With nearly every major film opting to delay their releases, at least until 2021, you’d be forgiven for thinking if anything was theatrically released at all. However, 2020 has proved to be a hugely diverse year for film. From highly-anticipated blockbusters with messiah complexes right down to hard-hitting indie features ruling supreme in a relatively blockbuster-free year, 2020 has a lot to offer in the world of film – with the added bonus that by the time you read this, many will be available to view in your own homes.
Ok, let’s clear the elephant in the room. Tenet was meant to be the ‘saviour’ of cinema, with Christopher Nolan and the respective production companies sticking a middle-finger up to COVID-19 and releasing the damn thing anyway, despite the restrictions imposed on cinemas. Tenet is as bombastic and barmy as you’d expect from the director that gave us Inception (2010) – a techno-noir, espionage thriller that has a lot in common with Bond… but with a twist. Far from Nolan’s best work, Tenet didn’t quite live up to its promise to ‘light up’ the box office but it almost certainly gave us another high-concept piece of film that warranted the so-called risk of seeing it in a cinema.
© Warner Bros. Pictures
Released in the UK in what seems an age ago, January this year, Queen & Slim became an unknowing allegory to the George Floyd tragedy and its subsequent events. Following a black couple who are pulled over by a racist cop (an undeniably tense scene played brilliantly by Daniel Kaluuya), Queen & Slim tracks the aftermath of that fatal night and the effect it has not only on the couple but the whole of America.
© Universal Pictures
Extremely poignant, with a tight script from Lena Waithe and fantastic lead performances by Kaluuya and Jodie Turner-Smith, Queen & Slim is a timely and hard-hitting reminder that racism is still very prevalent.
© Elevation Pictures © Neon © Signature Entertainment
Brandon Cronenberg (son of David) follows in his father’s footsteps with a brutal, tech/body-horror hybrid that is not for the squeamish. Andrea Riseborough plays Tasya Vos, a corporate assassin who takes control of other people’s bodies using brain-implant technology to execute high-profile targets. Tasya’s methods of dispatch are extremely violent (which only increases as her psyche starts to unravel) with things starting to go awry when one of the bodies she ‘possesses’ starts to fight back. Cronenberg junior’s second feature is a real showcase for his talent as a writer/director, taking nods from his father’s earlier works yet bringing the concepts right up to modern day technological concerns.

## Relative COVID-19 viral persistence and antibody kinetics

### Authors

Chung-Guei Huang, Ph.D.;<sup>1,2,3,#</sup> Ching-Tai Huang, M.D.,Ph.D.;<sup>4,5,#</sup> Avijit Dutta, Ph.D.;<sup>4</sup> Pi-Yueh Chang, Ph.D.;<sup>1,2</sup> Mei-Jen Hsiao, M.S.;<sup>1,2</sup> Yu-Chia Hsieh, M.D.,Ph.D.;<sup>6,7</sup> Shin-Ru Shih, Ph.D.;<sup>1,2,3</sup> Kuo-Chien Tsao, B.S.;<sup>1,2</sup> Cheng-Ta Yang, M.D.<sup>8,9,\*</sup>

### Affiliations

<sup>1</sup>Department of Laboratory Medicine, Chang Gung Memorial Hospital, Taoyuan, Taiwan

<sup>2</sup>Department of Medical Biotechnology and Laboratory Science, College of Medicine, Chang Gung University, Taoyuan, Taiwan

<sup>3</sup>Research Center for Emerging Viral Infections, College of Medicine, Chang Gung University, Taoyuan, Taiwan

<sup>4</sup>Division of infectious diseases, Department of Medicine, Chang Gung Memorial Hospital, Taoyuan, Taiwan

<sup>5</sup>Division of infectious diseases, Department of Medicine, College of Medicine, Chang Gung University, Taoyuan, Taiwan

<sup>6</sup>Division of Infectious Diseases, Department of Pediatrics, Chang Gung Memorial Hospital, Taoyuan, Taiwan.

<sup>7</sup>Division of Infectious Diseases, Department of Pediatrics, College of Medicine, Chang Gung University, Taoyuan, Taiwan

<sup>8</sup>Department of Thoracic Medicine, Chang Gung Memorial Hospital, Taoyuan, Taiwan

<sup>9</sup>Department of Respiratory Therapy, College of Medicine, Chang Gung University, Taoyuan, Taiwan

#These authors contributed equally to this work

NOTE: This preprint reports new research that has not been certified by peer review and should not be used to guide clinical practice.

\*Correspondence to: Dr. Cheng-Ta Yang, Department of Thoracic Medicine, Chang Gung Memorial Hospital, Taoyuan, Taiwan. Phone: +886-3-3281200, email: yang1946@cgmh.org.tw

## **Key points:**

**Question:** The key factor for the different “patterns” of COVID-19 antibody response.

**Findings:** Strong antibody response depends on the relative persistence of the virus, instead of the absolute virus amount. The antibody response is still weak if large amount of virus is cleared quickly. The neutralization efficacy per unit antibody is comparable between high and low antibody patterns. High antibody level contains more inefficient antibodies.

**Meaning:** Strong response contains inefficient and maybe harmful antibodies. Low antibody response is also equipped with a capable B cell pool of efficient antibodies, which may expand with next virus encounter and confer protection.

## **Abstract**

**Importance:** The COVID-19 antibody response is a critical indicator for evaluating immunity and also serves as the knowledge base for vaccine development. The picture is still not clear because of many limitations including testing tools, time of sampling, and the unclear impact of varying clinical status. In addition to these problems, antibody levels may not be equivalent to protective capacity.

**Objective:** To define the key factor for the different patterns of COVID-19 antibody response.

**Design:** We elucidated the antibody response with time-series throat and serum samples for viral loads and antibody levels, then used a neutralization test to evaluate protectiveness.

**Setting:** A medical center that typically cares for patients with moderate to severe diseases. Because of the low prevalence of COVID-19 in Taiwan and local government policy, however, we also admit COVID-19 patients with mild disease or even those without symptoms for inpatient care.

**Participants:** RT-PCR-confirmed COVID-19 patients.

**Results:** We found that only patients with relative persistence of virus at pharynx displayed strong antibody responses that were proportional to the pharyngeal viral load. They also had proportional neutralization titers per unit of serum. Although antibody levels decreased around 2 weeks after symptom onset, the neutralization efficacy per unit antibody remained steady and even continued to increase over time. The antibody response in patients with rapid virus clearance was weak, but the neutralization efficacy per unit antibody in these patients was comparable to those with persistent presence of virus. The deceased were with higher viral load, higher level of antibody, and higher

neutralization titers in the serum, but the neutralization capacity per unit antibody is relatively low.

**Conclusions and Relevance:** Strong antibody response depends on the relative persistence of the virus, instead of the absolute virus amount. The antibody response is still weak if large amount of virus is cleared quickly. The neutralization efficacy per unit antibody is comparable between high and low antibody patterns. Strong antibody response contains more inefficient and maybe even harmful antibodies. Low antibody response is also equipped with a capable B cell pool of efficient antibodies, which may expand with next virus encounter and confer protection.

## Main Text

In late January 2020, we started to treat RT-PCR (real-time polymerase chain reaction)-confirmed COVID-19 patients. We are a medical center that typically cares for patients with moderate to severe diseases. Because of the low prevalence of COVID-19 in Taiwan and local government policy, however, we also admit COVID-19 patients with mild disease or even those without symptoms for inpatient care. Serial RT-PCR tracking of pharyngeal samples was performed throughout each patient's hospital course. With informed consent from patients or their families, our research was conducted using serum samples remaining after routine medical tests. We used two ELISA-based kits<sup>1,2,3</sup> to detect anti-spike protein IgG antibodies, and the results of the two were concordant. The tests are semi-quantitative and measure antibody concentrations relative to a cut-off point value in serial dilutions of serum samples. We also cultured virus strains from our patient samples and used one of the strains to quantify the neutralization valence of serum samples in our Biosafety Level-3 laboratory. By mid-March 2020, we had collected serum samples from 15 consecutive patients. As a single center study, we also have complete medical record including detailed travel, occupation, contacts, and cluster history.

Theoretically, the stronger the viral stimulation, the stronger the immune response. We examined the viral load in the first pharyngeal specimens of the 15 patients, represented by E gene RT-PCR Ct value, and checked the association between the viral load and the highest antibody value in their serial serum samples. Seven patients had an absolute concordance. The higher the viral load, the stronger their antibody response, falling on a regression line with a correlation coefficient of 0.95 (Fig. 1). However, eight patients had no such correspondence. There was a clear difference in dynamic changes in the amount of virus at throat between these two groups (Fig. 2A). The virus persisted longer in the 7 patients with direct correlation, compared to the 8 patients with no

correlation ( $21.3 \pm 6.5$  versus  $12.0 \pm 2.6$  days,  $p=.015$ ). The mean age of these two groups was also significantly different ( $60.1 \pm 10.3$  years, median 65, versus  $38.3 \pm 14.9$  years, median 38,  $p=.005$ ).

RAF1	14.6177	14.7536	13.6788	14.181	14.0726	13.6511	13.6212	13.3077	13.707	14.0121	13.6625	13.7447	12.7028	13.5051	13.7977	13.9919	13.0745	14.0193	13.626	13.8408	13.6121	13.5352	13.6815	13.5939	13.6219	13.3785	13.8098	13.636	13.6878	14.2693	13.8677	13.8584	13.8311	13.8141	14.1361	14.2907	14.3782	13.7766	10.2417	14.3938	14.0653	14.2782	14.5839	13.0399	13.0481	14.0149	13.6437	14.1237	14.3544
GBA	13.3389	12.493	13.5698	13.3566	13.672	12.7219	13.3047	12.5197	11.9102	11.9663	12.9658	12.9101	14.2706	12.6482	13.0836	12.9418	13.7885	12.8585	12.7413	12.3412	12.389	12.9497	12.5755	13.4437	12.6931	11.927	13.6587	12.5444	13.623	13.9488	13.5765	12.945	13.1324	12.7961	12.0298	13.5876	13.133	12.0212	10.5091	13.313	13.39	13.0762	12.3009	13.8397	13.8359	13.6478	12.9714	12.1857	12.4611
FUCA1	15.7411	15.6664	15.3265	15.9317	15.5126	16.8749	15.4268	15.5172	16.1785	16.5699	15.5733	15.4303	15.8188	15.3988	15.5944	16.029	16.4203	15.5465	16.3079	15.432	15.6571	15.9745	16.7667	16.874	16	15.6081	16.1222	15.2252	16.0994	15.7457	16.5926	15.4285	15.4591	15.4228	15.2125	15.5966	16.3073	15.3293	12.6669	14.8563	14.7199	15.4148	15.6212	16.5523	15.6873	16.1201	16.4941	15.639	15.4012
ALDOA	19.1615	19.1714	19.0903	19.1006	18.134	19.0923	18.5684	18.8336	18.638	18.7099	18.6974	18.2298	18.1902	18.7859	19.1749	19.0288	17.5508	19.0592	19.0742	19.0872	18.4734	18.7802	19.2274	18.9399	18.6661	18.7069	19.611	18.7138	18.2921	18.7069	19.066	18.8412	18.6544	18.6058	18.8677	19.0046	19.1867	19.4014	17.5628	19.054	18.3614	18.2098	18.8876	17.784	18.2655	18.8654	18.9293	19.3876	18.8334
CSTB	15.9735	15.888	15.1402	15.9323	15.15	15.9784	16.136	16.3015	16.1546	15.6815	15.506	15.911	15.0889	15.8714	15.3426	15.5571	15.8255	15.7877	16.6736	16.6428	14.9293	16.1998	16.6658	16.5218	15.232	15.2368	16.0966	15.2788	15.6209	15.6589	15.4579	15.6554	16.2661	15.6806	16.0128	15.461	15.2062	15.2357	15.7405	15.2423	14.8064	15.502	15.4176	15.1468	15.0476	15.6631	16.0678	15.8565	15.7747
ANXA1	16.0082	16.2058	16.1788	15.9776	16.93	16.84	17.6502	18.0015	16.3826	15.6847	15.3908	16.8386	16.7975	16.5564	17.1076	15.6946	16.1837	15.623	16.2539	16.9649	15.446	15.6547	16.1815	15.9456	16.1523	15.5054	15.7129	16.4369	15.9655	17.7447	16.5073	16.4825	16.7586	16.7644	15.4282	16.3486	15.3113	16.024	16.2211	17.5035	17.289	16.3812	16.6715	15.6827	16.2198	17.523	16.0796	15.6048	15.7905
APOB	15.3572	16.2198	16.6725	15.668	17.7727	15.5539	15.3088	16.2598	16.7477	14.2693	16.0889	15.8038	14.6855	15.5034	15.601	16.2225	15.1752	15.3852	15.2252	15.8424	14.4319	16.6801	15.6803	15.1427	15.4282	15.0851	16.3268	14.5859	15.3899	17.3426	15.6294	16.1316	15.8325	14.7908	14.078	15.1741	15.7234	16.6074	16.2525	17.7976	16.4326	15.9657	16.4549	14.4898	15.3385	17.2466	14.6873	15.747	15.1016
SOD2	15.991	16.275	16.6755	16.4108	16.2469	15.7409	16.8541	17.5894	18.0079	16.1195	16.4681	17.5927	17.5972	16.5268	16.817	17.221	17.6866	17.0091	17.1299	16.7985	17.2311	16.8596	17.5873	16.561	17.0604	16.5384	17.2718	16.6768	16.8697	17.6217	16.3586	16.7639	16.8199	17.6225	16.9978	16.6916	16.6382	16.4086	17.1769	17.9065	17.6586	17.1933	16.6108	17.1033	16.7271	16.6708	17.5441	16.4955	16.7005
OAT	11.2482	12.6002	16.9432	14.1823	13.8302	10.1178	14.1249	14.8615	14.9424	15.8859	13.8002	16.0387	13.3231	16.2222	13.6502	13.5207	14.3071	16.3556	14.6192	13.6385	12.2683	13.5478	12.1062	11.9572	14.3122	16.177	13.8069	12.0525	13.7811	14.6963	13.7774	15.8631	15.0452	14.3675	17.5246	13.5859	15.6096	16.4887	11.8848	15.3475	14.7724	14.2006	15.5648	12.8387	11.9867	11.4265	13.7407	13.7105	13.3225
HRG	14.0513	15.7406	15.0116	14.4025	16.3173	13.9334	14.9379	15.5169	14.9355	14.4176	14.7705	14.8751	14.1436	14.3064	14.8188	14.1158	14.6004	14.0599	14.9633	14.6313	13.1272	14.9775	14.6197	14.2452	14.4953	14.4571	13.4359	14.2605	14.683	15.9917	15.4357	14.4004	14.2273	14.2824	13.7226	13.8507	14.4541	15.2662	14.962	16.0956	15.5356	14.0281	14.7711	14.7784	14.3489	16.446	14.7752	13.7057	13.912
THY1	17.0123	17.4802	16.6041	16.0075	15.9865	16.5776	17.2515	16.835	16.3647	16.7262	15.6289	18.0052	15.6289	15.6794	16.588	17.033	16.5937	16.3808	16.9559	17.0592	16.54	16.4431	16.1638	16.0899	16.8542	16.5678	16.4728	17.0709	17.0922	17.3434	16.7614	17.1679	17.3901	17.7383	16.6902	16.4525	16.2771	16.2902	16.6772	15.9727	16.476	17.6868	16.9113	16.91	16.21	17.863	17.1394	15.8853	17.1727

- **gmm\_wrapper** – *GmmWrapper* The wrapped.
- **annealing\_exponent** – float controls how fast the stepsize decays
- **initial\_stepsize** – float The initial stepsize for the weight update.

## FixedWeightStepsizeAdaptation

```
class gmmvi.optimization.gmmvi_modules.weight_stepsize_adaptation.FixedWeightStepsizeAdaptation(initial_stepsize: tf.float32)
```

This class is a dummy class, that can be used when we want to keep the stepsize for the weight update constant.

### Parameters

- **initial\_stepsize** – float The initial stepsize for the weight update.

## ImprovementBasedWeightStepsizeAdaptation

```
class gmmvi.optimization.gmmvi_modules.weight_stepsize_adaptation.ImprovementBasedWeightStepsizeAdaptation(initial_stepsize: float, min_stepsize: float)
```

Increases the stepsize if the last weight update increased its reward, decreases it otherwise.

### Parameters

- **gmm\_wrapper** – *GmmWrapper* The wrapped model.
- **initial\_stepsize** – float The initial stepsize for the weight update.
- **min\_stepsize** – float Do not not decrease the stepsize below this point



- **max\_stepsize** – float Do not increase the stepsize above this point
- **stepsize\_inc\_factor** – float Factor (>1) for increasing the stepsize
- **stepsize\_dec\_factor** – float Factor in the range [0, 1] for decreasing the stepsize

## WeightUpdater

I apologise in advance if you decide to watch Václav Marhoul’s The Painted Bird based on my recommendation – I must stress, easily one of the most harrowing films I have seen in recent years. The Painted Bird tells the story of a young Jewish boy in war-torn Eastern Europe, seeking refuge from the atrocities of war yet experiencing his own horrific encounters on his way to sanctuary. In a year already marred by COVID-19, the bleakness and outright savagery on display may not be the best choice but there is no denying its sheer cinematic prowess. An extremely powerful film, The Painted Bird resonates raw emotion and is ironically 2020’s unwittingly loyal companion.
© Bioscop © IFC Films
Writer-director Rose Glass’ debut feature is a masterclass in slow-burn psychological horror. At a lean 83 minutes, Saint Maud’s unsettling aura leaves a lasting and dread-soaked impression for days to come. With a powerhouse performance from Morfydd Clark, we follow Maud (Clark), a devout hospice nurse charged with caring for terminally ill retired dancer Amanda (Jennifer Ehle), as she becomes obsessed with saving Amanda’s soul. To say anymore would ruin the shocking revelations but Glass’ debut acts as a fully formed horror-thriller masterpiece that stamps her authority as one serious talent within British cinema.